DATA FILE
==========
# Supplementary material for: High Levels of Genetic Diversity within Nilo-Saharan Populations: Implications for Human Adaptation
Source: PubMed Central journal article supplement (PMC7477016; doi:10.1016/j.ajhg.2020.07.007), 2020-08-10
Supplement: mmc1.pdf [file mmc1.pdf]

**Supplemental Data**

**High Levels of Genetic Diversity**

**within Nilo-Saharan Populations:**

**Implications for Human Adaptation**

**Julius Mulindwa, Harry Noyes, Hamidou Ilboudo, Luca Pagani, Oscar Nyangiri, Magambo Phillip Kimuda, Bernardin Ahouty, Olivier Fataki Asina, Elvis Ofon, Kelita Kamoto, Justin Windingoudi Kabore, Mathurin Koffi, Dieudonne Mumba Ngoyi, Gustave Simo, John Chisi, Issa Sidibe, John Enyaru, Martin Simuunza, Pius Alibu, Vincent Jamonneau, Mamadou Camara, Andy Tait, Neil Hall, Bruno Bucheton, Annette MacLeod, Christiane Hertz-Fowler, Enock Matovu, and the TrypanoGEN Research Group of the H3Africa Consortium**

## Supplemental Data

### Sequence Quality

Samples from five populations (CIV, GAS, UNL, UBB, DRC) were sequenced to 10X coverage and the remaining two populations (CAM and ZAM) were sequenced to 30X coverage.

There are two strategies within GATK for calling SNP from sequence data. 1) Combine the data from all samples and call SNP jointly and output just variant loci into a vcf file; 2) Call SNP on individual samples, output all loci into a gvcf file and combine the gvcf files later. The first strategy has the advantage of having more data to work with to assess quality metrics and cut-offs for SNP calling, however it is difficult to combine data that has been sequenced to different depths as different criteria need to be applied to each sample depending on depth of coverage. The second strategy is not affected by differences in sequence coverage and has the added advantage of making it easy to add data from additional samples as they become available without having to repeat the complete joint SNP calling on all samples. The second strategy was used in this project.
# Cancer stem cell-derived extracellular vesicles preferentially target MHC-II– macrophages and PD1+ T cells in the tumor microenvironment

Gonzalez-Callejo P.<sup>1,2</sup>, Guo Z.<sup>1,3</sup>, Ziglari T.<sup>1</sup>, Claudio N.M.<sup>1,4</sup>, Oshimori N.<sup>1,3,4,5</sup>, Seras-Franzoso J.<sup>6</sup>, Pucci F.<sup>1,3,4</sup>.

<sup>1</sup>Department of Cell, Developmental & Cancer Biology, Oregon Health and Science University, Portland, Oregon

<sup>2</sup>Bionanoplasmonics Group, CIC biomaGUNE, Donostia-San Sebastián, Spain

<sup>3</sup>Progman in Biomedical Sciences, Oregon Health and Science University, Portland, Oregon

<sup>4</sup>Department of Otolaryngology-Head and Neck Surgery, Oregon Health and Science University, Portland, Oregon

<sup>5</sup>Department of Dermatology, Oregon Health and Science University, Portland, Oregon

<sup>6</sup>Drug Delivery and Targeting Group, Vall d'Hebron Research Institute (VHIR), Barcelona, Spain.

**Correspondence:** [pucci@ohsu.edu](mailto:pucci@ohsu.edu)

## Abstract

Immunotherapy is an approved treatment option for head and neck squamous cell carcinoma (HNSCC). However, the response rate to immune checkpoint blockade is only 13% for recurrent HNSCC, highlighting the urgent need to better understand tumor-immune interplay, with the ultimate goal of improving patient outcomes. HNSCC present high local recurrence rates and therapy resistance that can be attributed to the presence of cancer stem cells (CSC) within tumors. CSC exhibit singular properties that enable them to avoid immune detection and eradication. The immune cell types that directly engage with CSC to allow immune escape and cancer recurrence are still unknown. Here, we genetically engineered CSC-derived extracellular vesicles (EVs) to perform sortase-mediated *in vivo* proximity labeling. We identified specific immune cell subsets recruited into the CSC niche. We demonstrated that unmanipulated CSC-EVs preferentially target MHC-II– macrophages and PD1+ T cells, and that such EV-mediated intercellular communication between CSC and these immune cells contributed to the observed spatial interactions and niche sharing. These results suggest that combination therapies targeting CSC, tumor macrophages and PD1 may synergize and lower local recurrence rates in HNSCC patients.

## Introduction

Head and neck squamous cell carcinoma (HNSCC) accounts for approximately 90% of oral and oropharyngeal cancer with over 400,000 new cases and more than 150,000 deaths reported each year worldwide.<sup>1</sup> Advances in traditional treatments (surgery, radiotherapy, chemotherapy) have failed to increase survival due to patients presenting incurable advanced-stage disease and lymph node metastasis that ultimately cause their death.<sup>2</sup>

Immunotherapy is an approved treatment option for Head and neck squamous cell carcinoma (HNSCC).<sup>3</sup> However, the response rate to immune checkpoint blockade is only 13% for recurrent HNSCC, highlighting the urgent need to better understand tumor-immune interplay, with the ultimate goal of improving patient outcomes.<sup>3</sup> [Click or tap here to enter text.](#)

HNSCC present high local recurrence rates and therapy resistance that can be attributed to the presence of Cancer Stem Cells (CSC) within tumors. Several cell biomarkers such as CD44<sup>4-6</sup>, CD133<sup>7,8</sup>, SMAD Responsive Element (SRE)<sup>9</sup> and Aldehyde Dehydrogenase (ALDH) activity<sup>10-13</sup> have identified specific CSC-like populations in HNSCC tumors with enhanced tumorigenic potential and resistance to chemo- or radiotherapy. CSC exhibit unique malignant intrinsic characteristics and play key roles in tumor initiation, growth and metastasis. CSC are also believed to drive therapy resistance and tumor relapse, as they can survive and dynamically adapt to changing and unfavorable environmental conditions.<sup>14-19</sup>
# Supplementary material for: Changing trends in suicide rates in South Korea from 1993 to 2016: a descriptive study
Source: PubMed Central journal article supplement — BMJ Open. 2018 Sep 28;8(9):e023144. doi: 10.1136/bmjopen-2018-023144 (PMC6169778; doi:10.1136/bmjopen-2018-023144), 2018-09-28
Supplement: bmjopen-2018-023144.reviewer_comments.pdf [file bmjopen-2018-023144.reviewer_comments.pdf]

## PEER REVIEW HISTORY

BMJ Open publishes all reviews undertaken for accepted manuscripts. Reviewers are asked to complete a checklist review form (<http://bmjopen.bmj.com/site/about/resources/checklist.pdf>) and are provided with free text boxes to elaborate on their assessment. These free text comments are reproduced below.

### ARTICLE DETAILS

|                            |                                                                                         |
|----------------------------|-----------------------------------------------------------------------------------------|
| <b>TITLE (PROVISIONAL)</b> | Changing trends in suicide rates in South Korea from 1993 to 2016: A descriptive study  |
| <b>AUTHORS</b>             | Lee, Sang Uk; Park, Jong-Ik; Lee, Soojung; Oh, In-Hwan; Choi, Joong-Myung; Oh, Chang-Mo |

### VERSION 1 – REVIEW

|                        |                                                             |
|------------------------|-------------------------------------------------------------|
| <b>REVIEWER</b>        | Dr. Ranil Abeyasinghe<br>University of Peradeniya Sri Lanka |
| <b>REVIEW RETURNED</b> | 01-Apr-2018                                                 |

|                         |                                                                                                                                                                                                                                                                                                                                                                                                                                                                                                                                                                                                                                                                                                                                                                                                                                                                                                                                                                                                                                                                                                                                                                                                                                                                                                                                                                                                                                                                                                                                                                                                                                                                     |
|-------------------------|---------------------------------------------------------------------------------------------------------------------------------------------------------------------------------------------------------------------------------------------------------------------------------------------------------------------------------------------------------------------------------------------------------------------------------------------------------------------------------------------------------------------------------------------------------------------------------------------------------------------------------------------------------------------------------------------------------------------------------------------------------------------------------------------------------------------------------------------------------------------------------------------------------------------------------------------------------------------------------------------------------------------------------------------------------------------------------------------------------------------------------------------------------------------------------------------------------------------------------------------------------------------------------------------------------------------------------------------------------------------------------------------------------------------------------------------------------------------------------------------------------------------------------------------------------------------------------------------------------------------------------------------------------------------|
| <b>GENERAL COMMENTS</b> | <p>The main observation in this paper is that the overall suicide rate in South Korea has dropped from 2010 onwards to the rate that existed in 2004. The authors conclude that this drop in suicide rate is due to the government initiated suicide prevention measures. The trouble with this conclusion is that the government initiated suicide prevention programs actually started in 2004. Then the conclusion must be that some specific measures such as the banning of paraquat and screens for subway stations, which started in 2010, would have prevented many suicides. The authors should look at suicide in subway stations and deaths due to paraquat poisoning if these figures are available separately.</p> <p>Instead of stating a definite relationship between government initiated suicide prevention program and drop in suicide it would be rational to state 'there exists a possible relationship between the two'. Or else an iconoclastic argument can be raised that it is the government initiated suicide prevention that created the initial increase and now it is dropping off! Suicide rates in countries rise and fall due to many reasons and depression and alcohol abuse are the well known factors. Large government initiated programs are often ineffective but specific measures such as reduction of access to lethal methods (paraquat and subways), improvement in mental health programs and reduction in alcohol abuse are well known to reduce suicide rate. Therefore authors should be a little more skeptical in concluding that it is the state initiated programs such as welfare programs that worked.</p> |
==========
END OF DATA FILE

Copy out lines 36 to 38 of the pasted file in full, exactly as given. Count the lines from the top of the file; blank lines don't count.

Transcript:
| <b>TITLE (PROVISIONAL)</b> | Changing trends in suicide rates in South Korea from 1993 to 2016: A descriptive study  |
| <b>AUTHORS</b>             | Lee, Sang Uk; Park, Jong-Ik; Lee, Soojung; Oh, In-Hwan; Choi, Joong-Myung; Oh, Chang-Mo |

### VERSION 1 – REVIEW